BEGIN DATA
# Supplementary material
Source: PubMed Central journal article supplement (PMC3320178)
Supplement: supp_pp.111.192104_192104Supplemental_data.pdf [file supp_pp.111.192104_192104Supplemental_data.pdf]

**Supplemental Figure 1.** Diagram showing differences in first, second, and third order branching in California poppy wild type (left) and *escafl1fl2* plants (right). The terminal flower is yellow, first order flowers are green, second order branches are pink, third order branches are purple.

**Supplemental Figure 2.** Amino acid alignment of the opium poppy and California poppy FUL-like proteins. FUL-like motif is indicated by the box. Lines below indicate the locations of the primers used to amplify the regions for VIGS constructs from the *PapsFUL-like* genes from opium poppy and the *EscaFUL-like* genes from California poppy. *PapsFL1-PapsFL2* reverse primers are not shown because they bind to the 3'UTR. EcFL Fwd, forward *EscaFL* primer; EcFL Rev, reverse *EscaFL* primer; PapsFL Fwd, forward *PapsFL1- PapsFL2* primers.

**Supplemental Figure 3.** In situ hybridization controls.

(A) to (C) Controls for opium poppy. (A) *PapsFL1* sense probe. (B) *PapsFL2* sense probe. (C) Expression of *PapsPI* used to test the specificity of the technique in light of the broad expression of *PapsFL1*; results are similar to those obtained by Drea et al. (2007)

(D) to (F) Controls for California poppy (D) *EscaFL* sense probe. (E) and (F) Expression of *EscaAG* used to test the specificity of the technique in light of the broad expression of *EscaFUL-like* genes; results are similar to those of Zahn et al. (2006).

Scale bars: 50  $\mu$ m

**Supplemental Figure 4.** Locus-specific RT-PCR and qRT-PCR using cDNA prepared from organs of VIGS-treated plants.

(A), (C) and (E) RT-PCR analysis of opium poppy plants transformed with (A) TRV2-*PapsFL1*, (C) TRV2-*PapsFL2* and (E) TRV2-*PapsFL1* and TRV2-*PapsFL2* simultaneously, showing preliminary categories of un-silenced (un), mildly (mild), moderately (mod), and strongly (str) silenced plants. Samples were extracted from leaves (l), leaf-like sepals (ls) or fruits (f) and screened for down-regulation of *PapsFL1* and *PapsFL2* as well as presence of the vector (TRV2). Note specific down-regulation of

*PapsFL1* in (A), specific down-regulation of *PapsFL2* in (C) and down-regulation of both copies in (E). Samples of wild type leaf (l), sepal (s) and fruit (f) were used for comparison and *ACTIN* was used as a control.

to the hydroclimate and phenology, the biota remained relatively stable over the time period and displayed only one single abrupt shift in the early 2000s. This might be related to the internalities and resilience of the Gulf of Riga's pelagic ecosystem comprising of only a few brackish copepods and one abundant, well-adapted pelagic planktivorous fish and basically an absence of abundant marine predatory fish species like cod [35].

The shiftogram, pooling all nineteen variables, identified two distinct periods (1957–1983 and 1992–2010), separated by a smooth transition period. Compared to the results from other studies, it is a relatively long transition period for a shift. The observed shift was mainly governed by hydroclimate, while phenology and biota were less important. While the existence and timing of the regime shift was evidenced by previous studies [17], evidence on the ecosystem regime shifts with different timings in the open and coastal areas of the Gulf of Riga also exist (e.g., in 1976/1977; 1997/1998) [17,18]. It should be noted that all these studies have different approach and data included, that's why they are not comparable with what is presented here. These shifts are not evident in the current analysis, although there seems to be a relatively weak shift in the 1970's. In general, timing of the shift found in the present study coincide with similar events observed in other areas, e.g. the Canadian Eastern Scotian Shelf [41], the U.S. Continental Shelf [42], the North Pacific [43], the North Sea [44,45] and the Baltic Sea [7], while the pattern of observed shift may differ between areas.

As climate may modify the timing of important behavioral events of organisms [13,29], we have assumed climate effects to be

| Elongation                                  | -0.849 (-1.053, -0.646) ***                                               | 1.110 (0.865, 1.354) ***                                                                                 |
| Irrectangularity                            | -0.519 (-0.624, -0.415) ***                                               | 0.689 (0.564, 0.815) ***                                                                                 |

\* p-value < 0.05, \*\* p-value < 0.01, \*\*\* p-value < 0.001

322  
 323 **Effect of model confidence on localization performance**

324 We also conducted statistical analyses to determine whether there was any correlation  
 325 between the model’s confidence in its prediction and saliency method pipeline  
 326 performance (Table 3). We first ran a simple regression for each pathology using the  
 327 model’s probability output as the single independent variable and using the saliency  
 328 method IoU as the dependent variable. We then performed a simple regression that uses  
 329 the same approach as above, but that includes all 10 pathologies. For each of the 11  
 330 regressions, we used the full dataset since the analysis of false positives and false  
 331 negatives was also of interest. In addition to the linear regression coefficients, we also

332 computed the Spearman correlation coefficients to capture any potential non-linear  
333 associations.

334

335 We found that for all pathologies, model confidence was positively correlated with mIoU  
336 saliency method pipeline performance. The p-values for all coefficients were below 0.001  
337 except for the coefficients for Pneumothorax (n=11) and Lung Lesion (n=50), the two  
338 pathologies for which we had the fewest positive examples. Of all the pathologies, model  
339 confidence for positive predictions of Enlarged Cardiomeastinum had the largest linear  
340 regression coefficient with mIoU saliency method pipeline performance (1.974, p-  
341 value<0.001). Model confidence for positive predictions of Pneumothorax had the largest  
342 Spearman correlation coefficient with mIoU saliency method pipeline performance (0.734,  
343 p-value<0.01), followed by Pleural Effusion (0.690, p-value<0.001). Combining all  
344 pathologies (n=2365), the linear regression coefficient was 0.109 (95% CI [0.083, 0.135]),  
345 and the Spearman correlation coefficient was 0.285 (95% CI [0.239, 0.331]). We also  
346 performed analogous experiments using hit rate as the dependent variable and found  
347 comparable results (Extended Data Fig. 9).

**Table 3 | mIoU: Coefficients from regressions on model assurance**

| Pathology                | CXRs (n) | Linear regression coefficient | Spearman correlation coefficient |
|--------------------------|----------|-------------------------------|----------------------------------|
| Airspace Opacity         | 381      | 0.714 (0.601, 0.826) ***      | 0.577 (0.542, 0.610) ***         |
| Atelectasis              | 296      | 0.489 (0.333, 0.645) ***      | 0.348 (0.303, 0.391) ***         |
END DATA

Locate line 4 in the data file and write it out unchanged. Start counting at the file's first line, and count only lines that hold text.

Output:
**Supplemental Figure 1.** Diagram showing differences in first, second, and third order branching in California poppy wild type (left) and *escafl1fl2* plants (right). The terminal flower is yellow, first order flowers are green, second order branches are pink, third order branches are purple.